• JP08
    • By JP08 13th Jun 17, 9:45 AM
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    JP08
    • #6
    • 13th Jun 17, 9:45 AM
    • #6
    • 13th Jun 17, 9:45 AM
    As the previous poster implies - they can only eat so much then the next ones move in.

    Re the comment about the ground feeders coping with the hanging food - we've now got a regular blackbird that is adept at hanging upside down from the fatball feeder like an oversized bluetit. Oh and an extremely obese pigeon (not some nasty urban flying rat, a really handsome "clean" looking specimen) who doesn't seem to come to feed, but only to stroll around the lawn for up to half an hour at a time.

    Our favourites are the apparently quite large colony of goldfinches that visit throughout the day - such amazingly bright colours. Think they are the descendants of the pair that nested in the tree in the front garden a couple of years ago - had to shoo one of the fledgling out of the back door when they flew the nest.
    • andrewf75
    • By andrewf75 13th Jun 17, 12:34 PM
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    andrewf75
    • #7
    • 13th Jun 17, 12:34 PM
    • #7
    • 13th Jun 17, 12:34 PM
    Yes they will bully smaller birds, but that is nature.
    I wouldn't describe any native wild animal as vermin, ridiculous term.
    My advice would be put a range of different feeders out and you'll get a balance of species.
    • unrecordings
    • By unrecordings 17th Jun 17, 9:47 AM
    • 157 Posts
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    unrecordings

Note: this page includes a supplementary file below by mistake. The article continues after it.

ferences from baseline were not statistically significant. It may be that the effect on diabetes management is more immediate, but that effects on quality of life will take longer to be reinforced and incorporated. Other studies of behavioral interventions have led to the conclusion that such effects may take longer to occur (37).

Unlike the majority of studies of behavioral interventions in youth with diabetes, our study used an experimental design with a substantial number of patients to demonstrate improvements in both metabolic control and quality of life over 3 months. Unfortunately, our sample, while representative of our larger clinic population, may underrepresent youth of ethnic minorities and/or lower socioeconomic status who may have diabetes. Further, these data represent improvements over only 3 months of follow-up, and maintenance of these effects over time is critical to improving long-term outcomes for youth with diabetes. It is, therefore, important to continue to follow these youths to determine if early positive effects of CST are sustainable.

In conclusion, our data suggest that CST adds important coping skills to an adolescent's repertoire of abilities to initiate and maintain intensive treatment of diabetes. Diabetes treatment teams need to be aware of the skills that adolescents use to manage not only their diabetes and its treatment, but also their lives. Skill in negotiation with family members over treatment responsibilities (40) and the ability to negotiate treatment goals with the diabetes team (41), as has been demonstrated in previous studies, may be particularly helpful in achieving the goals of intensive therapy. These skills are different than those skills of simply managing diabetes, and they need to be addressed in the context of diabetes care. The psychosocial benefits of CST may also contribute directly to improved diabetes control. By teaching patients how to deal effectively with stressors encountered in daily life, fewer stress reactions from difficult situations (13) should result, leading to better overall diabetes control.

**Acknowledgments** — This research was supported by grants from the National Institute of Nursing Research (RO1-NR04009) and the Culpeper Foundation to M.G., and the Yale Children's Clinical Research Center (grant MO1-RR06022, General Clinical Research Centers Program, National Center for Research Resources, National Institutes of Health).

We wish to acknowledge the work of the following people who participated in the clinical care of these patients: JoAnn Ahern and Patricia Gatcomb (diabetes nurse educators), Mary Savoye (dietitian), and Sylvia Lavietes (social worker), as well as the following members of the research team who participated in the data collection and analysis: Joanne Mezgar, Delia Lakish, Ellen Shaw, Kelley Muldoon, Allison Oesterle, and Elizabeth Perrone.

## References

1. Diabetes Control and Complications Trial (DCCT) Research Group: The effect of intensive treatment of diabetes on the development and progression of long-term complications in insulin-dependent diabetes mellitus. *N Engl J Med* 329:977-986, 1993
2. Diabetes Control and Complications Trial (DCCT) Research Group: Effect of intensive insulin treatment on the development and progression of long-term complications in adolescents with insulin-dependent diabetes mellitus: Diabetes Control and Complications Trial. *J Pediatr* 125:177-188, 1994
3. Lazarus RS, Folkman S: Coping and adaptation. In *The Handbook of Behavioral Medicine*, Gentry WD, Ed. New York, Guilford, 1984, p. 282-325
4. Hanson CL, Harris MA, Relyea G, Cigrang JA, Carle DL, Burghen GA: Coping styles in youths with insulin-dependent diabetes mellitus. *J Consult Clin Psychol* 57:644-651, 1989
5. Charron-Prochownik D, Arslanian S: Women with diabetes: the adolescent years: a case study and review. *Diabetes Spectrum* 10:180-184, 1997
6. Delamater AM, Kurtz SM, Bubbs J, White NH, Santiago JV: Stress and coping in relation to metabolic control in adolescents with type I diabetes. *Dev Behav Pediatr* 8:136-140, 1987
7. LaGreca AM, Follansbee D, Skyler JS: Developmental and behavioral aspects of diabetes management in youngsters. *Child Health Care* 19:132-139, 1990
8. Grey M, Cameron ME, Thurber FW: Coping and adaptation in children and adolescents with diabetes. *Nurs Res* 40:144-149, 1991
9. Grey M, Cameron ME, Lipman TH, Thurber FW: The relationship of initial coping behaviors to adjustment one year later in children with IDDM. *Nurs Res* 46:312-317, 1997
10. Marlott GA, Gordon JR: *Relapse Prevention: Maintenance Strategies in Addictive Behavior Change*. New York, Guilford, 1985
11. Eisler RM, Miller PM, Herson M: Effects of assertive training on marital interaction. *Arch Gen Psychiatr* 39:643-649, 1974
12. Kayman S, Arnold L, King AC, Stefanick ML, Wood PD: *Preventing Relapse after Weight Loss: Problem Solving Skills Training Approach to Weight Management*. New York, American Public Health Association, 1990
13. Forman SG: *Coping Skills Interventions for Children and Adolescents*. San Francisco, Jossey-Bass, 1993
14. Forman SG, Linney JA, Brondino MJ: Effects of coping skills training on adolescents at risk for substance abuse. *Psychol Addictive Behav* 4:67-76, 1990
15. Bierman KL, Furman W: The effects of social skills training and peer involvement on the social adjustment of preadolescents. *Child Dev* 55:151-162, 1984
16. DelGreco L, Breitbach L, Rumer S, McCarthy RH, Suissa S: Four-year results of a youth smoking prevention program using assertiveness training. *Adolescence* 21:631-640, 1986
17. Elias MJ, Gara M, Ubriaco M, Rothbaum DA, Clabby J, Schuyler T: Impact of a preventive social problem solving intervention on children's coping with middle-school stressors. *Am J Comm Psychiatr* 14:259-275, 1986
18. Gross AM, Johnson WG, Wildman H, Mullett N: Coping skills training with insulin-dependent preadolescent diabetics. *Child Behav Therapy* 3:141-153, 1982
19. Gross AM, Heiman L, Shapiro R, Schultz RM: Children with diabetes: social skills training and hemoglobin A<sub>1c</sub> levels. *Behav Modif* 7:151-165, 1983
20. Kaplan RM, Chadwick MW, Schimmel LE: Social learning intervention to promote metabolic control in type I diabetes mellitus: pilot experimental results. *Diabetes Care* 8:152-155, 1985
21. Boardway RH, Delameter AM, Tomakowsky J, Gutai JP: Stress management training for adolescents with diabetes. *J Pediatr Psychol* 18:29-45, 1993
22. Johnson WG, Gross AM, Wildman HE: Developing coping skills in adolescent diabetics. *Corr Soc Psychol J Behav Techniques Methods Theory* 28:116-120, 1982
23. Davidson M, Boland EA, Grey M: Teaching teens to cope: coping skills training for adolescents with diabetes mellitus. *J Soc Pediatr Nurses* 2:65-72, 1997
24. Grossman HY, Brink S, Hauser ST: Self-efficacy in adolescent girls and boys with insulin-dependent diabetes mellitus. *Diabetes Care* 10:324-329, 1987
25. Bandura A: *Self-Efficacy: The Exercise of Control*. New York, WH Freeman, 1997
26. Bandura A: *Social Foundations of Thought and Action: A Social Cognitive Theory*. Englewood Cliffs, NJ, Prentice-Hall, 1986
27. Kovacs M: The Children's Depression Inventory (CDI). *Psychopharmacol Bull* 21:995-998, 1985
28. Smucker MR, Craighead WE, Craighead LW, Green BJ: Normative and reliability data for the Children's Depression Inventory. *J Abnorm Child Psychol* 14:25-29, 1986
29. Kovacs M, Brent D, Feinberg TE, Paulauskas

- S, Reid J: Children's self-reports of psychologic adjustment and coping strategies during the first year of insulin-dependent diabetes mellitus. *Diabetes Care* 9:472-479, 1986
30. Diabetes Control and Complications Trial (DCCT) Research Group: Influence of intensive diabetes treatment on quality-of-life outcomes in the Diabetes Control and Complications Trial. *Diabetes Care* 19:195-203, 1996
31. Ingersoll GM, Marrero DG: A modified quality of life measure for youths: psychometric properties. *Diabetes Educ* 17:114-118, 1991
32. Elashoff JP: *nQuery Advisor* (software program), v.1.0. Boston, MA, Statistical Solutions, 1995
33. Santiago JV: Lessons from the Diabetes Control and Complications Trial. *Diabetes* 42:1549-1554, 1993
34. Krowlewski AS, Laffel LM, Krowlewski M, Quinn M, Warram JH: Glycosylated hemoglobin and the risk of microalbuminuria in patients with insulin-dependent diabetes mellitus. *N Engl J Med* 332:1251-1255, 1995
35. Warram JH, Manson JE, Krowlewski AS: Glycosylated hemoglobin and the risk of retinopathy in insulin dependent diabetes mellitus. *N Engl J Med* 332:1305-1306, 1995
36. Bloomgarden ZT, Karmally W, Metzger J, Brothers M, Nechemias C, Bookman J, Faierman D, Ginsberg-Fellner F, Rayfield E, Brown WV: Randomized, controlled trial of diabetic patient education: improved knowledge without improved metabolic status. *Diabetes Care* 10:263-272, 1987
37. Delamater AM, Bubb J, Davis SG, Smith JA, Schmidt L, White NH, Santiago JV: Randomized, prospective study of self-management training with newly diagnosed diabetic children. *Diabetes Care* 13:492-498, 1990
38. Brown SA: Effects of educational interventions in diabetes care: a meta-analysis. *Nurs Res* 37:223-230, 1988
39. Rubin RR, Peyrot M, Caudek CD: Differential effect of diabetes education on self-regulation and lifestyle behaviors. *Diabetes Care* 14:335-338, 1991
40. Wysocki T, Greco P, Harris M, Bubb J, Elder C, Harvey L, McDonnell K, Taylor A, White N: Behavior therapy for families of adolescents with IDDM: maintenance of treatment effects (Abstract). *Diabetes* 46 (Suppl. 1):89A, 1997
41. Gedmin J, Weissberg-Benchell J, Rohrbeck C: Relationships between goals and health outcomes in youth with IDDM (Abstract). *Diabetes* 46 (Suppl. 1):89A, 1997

• #8
    • 17th Jun 17, 9:47 AM
    • #8
    • 17th Jun 17, 9:47 AM
    Funnily enough about an hour after I posted, a squirrel reeled in the coconut feeder from the branch it was hanging from, dragged it (still attached to the rope) to a comfy part of the tree and settled down to an extensive brunch.
    • Davesnave
    • By Davesnave 17th Jun 17, 10:02 AM
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    Davesnave
    • #9
    • 17th Jun 17, 10:02 AM
    • #9
    • 17th Jun 17, 10:02 AM
    Yes they will bully smaller birds, but that is nature.
    I wouldn't describe any native wild animal as vermin, ridiculous term.
    Originally posted by andrewf75
    The OED says: "Wild animals which are believed to be harmful to crops, farm animals, or game, or which carry disease."

    I don't see what's ridiculous about that.

    If one is attempting to produce food,or undertaking other gainful actvities in the countryside, then a term is needed to describe animals which may inhibit that enterprise.
    Working subliminally.
    • firebird082
    • By firebird082 17th Jun 17, 8:35 PM
    • 544 Posts
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    firebird082
    We have masses of jackdaws round here - it's like a scene from The Birds every day! I've never seen them bullying the smaller birds. though they definitely do get into arguments with the Red Kites...

    We use the feeders with the outer metal cages (squirrel proof) which stops them. We also put seed into a flat tray for the robins, and the jackdaws/pigeons/collared doves all help themselves to that. However, I rather like them, as they are very intelligent, and quite sociable, so I just think of them as my other neighbours. Rather suprised you would use the word 'vermin'!